I wanted to be rid of my thinking when I was young but I didn’t know how. Also, I was ashamed. I believed there was something seriously wrong with me —and because this was so, I began to believe that I was a burden to those around me. I believed my Father was ashamed because I was not an athlete. I was not a good student. I was not the “cool” kid in town.
I was rejection sensitive so I never stuck with anything, which means I would always start something and then I would quit once I failed to get my desired results.
I tried Karate but the kids in the class picked on me. So I quit.
I played little league but baseball was never really my thing. In fact, I only played because The Old Man said I had no choice.
I tried basketball, but this will be something for another chapter.
The Old Man said I had to play a sport. So I did. He said that sports teach us discipline. He was a firm believer in the lesson of competition. And that life in itself is a competition. The Old Man believed that we are always competing for one thing or another. Whether it is a job or in business, whether it for a good parking space at the grocery store, or for a romantic interest, we are always competing for something. I tend to agree sometimes, especially when I’m heading to the supermarket.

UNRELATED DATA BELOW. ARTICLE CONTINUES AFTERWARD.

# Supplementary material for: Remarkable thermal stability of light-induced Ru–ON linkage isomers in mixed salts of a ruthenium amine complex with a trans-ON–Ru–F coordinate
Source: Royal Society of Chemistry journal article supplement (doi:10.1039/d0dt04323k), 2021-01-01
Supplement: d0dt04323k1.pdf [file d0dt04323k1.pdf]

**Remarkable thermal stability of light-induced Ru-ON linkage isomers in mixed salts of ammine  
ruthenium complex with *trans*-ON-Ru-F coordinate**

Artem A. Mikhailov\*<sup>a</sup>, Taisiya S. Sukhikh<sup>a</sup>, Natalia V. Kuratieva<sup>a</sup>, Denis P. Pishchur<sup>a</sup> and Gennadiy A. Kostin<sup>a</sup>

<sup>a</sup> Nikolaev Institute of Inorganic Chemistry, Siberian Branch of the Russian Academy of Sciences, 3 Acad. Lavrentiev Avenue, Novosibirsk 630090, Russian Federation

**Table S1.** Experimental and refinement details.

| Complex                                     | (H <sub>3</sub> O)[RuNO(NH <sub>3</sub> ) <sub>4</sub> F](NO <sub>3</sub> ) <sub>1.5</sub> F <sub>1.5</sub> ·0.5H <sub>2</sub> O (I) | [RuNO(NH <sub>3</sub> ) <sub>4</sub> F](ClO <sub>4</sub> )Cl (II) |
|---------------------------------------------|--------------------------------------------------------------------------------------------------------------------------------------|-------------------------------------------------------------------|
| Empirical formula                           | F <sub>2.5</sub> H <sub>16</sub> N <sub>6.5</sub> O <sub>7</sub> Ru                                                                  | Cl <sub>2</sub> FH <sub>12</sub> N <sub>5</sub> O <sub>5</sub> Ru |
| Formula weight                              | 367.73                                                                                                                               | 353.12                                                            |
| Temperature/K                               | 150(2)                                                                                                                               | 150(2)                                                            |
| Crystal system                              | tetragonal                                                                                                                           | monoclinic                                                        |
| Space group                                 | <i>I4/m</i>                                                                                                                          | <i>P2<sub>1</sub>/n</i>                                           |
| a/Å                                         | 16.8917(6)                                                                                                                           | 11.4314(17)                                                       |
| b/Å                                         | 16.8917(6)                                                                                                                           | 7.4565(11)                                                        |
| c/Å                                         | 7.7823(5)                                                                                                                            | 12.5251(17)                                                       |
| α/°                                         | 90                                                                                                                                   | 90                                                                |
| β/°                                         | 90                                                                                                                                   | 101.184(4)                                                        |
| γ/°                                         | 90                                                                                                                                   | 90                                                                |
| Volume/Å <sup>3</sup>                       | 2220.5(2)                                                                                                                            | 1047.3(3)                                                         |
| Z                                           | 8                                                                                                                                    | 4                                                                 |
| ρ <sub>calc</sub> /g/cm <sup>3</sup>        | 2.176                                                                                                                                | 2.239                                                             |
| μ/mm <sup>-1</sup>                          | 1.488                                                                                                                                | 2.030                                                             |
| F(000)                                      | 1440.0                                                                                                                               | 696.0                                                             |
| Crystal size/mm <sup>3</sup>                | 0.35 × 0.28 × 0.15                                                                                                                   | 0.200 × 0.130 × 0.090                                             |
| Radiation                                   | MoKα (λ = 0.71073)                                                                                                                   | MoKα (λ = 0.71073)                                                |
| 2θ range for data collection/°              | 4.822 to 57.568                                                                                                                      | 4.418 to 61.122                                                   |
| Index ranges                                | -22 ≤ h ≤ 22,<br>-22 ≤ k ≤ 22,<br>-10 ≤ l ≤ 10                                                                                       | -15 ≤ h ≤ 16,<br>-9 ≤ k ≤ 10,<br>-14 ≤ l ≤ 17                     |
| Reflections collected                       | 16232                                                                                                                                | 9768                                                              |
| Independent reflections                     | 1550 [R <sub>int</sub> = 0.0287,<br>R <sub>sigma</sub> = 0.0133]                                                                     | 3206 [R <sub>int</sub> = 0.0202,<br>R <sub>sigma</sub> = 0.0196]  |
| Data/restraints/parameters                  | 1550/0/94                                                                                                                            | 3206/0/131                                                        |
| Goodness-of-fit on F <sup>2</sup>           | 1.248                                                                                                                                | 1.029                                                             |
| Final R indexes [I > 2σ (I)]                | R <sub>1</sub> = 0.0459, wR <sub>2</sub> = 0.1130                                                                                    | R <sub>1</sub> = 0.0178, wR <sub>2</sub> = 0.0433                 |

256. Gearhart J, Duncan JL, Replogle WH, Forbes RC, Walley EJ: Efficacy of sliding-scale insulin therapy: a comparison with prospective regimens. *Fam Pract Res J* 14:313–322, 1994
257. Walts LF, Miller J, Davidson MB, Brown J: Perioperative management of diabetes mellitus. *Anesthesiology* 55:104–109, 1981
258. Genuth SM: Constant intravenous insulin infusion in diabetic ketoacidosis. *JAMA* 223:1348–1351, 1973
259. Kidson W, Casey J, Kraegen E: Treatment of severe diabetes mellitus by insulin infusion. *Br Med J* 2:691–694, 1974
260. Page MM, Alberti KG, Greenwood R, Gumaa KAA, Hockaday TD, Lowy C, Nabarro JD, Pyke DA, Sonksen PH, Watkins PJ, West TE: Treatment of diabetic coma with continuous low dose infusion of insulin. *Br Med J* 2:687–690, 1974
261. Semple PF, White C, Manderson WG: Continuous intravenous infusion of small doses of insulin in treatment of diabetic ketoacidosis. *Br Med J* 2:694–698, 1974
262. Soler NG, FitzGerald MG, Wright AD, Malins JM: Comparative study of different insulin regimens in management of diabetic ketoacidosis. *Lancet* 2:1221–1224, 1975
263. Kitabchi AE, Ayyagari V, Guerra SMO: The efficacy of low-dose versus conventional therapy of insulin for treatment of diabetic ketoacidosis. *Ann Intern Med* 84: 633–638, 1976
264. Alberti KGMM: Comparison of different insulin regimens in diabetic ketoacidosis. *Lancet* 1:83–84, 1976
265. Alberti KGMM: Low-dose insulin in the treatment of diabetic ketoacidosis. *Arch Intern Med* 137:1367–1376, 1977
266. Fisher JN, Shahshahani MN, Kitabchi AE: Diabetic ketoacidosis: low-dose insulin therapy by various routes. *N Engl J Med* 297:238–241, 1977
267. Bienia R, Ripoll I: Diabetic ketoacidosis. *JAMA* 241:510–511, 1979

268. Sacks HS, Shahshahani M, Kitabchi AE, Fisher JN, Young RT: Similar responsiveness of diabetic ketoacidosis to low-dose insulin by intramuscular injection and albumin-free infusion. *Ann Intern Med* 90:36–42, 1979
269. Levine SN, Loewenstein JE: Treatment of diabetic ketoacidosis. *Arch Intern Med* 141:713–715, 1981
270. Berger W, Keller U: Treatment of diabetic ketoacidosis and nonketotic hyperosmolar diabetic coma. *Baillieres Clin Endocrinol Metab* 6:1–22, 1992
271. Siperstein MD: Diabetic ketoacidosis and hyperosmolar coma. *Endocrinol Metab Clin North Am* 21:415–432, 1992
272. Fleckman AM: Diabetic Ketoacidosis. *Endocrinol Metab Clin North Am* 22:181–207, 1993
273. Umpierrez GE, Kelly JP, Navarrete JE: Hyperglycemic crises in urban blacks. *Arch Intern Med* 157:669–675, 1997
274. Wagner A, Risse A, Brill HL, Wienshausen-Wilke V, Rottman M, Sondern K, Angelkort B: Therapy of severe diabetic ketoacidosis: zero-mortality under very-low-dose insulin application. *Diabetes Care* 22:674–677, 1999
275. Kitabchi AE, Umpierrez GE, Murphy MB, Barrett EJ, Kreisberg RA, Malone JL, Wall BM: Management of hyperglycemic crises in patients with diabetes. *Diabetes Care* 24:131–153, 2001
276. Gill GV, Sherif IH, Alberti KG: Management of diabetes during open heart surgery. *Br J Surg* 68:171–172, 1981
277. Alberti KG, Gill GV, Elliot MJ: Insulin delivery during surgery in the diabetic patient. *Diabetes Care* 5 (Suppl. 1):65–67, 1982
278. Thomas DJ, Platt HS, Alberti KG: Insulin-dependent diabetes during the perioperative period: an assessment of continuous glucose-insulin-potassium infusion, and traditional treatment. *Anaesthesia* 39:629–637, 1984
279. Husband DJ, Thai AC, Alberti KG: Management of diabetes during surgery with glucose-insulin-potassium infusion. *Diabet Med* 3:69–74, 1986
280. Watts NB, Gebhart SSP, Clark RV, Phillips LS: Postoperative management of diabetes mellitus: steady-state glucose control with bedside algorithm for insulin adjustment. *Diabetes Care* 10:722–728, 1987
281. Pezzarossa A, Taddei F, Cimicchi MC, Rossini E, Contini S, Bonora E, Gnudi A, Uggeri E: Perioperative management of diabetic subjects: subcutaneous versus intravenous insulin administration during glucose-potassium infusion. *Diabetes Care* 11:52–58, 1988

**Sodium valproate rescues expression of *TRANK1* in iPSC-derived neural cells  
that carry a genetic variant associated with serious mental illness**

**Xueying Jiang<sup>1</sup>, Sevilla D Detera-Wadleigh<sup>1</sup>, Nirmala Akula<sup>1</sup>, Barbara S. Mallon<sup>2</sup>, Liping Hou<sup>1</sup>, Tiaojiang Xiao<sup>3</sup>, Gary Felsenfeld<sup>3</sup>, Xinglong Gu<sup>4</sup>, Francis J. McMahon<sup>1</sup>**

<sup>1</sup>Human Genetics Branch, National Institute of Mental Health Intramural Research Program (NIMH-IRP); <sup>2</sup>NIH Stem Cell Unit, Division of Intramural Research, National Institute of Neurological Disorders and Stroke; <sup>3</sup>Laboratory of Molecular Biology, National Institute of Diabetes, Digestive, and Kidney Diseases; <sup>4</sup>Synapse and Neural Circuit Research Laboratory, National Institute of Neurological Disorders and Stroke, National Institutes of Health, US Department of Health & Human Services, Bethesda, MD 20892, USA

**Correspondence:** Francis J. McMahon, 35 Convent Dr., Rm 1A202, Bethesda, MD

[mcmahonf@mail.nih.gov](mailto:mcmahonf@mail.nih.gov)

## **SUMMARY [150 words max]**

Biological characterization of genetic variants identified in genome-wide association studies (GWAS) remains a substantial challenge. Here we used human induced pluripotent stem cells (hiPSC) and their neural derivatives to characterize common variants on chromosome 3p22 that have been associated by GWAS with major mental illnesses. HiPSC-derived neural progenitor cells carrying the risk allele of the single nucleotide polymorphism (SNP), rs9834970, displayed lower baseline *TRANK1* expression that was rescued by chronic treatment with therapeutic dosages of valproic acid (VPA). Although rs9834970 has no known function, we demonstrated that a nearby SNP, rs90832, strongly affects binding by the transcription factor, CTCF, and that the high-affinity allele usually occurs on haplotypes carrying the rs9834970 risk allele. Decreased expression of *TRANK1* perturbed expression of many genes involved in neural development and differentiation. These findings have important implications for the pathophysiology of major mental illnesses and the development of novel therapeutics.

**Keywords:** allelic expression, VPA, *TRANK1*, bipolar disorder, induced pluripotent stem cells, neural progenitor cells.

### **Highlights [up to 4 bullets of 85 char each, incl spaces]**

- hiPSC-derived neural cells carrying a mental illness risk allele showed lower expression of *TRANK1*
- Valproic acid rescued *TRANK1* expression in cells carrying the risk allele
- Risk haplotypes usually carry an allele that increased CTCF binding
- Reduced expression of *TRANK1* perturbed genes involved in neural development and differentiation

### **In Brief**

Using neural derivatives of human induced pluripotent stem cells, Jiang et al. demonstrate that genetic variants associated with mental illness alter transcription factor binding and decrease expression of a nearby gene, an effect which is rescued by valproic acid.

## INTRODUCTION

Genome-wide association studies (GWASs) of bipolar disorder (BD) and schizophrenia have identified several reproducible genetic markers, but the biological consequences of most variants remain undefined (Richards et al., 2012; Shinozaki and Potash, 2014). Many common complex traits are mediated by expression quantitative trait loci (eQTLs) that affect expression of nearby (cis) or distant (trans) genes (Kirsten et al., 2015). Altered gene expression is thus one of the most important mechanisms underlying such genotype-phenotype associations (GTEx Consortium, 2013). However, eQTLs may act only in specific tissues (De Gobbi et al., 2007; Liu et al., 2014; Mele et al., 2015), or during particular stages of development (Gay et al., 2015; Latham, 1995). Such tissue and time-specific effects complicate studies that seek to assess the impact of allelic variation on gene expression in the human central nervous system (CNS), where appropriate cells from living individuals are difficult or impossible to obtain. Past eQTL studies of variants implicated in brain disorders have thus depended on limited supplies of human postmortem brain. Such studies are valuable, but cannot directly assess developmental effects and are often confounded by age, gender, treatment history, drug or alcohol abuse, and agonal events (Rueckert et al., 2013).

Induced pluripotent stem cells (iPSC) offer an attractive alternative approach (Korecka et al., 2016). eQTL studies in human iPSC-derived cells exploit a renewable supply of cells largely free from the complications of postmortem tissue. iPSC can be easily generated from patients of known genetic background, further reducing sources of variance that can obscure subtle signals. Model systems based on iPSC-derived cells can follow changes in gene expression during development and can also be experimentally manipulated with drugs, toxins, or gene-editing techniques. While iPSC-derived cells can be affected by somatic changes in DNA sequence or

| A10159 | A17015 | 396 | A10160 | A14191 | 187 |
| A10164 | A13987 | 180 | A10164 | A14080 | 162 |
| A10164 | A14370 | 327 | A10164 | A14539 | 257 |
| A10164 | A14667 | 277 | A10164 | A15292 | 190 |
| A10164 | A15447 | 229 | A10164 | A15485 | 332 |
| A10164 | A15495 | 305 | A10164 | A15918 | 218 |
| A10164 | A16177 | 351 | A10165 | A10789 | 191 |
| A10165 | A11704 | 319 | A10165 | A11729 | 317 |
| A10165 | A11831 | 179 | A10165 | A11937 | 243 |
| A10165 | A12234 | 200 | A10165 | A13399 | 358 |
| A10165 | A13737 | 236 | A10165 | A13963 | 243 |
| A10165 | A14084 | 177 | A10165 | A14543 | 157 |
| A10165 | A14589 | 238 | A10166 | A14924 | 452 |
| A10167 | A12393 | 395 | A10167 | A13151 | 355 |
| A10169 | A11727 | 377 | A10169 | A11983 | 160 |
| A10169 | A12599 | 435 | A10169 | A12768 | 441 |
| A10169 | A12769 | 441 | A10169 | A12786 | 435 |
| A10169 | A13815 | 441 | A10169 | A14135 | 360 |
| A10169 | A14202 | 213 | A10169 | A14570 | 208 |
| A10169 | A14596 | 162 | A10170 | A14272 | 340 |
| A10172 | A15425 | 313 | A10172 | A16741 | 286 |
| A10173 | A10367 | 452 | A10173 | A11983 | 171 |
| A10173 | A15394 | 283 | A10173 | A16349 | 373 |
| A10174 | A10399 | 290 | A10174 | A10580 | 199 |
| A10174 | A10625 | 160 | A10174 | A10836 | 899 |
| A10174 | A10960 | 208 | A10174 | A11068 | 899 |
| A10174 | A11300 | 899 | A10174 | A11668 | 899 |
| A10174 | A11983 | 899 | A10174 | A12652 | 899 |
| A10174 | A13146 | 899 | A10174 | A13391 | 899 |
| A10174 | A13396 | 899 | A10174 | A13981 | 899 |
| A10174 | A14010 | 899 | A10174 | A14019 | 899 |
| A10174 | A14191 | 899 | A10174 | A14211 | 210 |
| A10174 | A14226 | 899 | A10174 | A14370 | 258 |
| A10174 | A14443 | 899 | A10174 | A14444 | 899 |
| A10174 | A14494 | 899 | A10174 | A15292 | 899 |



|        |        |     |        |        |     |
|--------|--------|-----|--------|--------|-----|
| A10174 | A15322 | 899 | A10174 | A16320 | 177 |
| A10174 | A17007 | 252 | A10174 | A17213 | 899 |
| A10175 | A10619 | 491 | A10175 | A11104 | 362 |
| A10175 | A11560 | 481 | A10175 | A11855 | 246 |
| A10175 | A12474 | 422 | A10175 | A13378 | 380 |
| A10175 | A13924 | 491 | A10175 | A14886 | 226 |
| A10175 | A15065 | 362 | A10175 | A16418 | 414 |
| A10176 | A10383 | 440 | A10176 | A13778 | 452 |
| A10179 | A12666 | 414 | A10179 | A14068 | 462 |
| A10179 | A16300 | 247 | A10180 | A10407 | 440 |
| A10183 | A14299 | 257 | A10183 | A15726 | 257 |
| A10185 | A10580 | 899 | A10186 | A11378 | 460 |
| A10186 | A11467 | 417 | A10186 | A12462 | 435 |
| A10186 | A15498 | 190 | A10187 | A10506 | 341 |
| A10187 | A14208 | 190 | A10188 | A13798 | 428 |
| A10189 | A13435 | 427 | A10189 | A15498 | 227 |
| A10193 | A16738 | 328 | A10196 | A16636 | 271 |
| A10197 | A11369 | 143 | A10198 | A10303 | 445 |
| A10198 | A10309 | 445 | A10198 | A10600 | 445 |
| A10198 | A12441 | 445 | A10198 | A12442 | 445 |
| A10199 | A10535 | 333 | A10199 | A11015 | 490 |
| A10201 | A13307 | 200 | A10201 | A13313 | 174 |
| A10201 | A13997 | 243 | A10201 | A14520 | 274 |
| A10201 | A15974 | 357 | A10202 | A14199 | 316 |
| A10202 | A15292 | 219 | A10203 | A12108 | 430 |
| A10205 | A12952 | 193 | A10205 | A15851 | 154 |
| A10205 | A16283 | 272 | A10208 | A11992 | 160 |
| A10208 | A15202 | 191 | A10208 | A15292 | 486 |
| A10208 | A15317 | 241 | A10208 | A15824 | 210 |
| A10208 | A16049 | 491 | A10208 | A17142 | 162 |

And my Old Man was good but he was tough. He saw things his way. He was old school. He was raised out of The Depression which meant he saw humbled times.
The Old Man knew what it meant to have to work for a living; whereas my friends, well, they were raised differently than me. My Father had me when he was older, which meant his age set in on him, which means his patience was thin. He didn’t like being older. The Old Man never liked the idea of growing old. He thought this made him weak, which is why he responded to his fears outwardly and sometimes angrily. Above all, The Old Man never wanted to be inefficient or insufficient.
The Old Man had his own defects, which I personalized as my fault. I never knew The Old Man’s flaws were just a reflection of him and his own biases. I never saw him as human. He was Pop. He was my Father.